And it was illusion shattering to be in Tahiti, French Polynesia, in the middle of the South Pacific and witness a rush-hour traffic jam (Renaults and motor scooters) in its main town, Papeete. And this “paradise” also had parking meters — believe it or not. Hardly a Utopia, this.

I thought American Samoa might be a Pacific paradise with plumbing. But, to my dismay, I learned that the Samoans seemingly have picked up our bad habits, but little of our industriousness. It’s disillusioning to see an otherwise picture-postcard-perfect lagoon littered with beer cans.

But, despite modern encroachments in many far corners of the world, there are still spectacularly beautiful places well worth visiting. Certainly, the blue lagoons, lush green mountains and golden sunsets of Bora Bora are no less gorgeous now that there are hotels, where you can eat and sleep in comfort. Back in the old unspoiled days, while visiting there, you had to hunt up a native family willing to share their hut.

If I had to pick the most pleasant of all places I visited, it would be Western Samoa, with the friendly, happy people who love to sing and dance. And there you have the beauty of both towering mountains and palm-fringed lagoons all within view.

I’m always asked if I found a Utopia. No, not really.

Anyway, Utopia may be more of a state of mind that a physical place.

For example, I found my Utopia when I got that around-the-world, all-expense-paid assignment to search for it.



Memories of a departed Silver cousin


Henry Lee Silver

 (1909 – 2001)


Part 2: Naval Service during World War II


Henry Lee Silver was born May 13, 1909 – a seventh generation descendant of George Silver Sr., via his father, David Alonzo Silver and grandfathers, John, Alfred, Jacob and George Silver Jr.

The following is an account of his adult life as told to nephew John Silver Harris:

After graduating from Morganton, NC, high school in 1930, the Great Depression was underway and work in North Carolina was hard to come by. So, I joined my brother, John Clarence, who had earlier gone to Philadelphia to work. He had found a job in the pharmacy at John D. Lankenau Hospital there. I also got a job at the same hospital, greeting and directing visitors in the 10-story German Lutheran facility.

I later returned to North Carolina and worked for my father in sawmilling for a short while.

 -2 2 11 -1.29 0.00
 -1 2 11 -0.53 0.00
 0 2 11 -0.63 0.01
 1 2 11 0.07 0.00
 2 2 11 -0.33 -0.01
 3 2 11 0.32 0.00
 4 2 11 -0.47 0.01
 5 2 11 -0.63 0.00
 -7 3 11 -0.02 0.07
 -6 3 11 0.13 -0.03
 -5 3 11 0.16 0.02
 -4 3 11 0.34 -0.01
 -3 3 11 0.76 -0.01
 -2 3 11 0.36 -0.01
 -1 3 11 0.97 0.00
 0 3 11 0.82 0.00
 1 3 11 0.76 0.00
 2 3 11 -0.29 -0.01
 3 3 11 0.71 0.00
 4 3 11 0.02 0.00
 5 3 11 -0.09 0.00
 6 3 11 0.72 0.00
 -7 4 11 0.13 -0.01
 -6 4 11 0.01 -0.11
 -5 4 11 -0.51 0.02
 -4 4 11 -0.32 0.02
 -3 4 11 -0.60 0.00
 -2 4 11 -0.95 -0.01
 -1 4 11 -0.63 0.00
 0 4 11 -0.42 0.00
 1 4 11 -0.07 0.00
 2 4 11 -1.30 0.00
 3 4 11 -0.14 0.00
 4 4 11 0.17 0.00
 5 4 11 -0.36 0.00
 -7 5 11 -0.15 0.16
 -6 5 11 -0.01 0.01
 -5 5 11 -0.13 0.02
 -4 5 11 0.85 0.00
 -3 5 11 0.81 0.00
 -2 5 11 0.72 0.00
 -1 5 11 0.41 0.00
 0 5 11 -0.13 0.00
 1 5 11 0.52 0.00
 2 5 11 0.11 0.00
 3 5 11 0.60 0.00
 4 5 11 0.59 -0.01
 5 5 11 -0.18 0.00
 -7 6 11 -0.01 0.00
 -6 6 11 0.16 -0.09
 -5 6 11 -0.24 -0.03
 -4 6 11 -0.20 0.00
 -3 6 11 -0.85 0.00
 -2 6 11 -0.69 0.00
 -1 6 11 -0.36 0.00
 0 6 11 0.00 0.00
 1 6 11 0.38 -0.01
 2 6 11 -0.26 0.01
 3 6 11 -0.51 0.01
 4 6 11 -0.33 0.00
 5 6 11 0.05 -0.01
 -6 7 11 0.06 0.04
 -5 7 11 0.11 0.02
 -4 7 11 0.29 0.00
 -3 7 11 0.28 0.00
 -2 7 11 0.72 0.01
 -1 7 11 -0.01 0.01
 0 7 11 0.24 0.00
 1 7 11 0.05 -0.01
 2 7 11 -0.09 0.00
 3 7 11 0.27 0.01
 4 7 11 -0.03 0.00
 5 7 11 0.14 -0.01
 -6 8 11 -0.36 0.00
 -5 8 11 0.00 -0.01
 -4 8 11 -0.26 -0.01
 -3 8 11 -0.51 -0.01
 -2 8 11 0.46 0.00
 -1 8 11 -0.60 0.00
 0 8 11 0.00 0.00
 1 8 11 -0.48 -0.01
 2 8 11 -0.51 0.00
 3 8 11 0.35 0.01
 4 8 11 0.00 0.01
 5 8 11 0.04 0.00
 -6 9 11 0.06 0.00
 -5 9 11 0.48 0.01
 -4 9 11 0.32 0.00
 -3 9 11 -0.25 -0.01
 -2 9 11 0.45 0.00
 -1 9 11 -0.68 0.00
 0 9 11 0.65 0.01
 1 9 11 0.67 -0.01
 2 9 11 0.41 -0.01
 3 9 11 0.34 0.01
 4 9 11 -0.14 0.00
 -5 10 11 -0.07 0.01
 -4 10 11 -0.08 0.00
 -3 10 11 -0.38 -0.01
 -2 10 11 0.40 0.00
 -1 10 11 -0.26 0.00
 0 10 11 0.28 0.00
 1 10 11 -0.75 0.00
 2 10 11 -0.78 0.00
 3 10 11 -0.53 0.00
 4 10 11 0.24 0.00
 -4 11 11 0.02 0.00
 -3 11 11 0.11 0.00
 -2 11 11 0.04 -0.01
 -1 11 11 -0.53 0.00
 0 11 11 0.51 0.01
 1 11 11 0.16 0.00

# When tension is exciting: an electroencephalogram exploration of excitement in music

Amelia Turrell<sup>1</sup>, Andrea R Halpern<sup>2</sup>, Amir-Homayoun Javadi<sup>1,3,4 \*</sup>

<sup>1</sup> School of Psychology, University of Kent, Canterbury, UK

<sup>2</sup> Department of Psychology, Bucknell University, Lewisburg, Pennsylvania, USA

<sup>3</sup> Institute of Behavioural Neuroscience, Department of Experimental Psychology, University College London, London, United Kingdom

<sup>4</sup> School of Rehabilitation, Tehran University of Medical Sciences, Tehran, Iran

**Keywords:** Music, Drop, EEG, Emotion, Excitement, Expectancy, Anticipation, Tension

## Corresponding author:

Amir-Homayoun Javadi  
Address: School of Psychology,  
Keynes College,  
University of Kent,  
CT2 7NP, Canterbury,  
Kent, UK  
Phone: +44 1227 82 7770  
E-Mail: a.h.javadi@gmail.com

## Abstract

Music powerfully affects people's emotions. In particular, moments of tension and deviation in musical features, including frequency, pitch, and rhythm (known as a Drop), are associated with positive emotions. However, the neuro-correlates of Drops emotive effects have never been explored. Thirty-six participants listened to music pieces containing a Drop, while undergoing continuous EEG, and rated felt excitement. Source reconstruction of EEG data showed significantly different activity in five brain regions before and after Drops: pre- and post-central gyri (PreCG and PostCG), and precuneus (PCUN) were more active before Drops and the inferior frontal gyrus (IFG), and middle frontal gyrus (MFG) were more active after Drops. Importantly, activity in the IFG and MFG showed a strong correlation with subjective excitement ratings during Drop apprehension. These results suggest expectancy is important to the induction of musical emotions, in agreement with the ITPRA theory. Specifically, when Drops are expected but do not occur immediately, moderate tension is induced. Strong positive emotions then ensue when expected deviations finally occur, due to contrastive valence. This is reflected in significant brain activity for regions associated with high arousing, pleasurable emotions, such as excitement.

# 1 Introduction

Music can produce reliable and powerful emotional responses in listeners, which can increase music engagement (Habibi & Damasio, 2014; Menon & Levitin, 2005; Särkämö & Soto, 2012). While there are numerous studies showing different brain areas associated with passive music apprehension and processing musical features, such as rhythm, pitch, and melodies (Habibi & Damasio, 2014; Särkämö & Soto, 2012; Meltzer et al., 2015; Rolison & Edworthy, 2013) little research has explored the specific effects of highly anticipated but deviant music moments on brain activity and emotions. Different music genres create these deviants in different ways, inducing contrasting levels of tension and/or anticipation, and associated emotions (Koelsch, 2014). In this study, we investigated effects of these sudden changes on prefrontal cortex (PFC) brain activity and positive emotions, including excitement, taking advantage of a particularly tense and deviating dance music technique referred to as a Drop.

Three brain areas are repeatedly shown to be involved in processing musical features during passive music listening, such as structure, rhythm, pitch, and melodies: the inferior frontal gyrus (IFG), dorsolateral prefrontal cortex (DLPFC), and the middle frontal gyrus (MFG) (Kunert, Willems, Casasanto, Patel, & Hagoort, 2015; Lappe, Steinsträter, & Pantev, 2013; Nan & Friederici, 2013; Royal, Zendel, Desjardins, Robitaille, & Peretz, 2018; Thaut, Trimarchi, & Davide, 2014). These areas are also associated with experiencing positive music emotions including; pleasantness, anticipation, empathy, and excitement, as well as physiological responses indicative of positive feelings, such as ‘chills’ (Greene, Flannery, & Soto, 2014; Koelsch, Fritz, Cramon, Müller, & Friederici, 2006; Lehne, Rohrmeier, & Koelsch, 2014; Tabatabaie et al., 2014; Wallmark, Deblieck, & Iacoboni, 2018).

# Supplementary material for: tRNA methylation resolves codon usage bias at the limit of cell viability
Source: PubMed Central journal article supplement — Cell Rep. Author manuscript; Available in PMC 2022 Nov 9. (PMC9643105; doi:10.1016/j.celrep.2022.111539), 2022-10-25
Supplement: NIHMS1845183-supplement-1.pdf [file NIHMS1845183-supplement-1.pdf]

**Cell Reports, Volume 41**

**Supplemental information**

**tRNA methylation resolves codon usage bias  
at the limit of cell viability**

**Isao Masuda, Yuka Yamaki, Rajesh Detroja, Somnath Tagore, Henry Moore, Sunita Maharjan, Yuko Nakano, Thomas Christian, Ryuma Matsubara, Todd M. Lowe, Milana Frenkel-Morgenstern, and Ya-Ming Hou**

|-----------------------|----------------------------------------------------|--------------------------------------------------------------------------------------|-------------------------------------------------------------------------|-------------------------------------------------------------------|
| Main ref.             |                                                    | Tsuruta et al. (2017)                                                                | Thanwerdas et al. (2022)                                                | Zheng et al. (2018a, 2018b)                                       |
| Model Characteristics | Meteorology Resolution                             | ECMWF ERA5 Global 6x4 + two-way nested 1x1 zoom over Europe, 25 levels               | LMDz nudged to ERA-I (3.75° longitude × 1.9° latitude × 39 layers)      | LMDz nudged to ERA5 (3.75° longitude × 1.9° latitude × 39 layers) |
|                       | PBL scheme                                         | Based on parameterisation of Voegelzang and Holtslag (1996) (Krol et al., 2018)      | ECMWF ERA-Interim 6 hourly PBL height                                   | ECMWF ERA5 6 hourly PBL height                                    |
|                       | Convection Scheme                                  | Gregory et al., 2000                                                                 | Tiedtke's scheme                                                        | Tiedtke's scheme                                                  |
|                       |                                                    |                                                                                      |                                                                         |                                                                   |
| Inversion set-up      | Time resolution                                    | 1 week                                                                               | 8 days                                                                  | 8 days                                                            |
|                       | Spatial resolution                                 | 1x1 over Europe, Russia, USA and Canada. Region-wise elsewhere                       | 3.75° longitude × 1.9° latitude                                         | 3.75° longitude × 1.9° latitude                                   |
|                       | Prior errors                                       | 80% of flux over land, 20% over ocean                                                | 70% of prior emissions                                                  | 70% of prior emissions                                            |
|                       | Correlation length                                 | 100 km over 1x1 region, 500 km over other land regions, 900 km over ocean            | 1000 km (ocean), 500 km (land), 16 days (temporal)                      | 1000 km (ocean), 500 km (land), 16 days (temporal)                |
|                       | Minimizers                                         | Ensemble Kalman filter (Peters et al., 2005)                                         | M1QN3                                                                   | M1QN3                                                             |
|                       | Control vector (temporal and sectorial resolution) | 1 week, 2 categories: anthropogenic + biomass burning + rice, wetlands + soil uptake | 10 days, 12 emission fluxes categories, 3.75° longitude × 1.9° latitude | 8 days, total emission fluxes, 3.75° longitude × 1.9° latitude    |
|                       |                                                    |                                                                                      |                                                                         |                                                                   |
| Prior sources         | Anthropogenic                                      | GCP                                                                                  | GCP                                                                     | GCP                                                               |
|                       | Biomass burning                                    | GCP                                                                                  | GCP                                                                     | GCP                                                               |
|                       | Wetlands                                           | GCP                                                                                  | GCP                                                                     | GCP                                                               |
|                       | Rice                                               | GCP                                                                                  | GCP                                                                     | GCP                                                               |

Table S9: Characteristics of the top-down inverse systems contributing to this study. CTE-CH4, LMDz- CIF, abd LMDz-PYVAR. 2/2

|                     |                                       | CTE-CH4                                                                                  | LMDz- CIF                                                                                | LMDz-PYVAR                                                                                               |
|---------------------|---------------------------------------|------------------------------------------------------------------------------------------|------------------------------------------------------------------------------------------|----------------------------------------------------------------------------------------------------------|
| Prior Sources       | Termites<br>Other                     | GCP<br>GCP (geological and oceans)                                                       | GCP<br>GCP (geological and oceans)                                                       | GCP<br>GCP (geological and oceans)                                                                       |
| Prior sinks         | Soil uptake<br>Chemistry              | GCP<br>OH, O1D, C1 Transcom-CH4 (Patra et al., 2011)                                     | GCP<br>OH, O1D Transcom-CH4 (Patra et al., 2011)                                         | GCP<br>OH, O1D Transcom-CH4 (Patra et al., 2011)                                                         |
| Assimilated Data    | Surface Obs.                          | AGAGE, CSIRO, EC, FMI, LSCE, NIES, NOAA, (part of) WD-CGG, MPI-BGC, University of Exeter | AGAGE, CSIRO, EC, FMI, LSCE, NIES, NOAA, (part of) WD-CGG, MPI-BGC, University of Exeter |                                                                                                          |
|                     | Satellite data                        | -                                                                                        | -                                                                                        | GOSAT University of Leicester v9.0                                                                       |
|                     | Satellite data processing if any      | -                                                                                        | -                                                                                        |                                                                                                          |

Then, in 1934, I began work for Hobbs Peabody, a construction company. There I learned to operate bulldozers, cranes, power shovels and ditchers. I worked there for the next nine years until World War II was underway.

I then volunteered for the Navy. I was sworn in at Camp Croft near Spartanburg, SC, on March 22, 1943, and then sent to a new camp at Bainbridge, MD, for boot training.

After eight weeks of boot camp, I was reassigned to the Fleet Sound School at Key West, FL, where I spent the next two months learning to be a sonar operator.

My mission was to operate shipboard equipment which sent sound waves underwater to echo off any submerged object and thereby reveal its presence. Our primary purpose was to locate Nazi submarines which were preying on North Atlantic shipping.

From Key West, I went to Norfolk, VA, this time to attend the Navy’s destroyer escort school.

From there, I went to Boston, where I spent a month waiting for construction to be completed on my assigned ship – the USS Lee Fox – which was still in dry dock at nearby Hingham shipyard.

When the ship was outfitted, we brought it into Boston Harbor where we took on supplies. Next, was a shakedown cruise to Bermuda, where we docked for two weeks.

Then it was back to the harbor in New York City, where we began convoy duty, making eight round trips to Londonderry in Northern Ireland, one to Plymouth, England and another to Scotland.

In December 1944, a German sub attacked our convoy. My ship was not hit but another was and seventeen men were killed. One of our ships was sunk, but fortunately, it was one of the already damaged ships we had under tow for return to the U.S.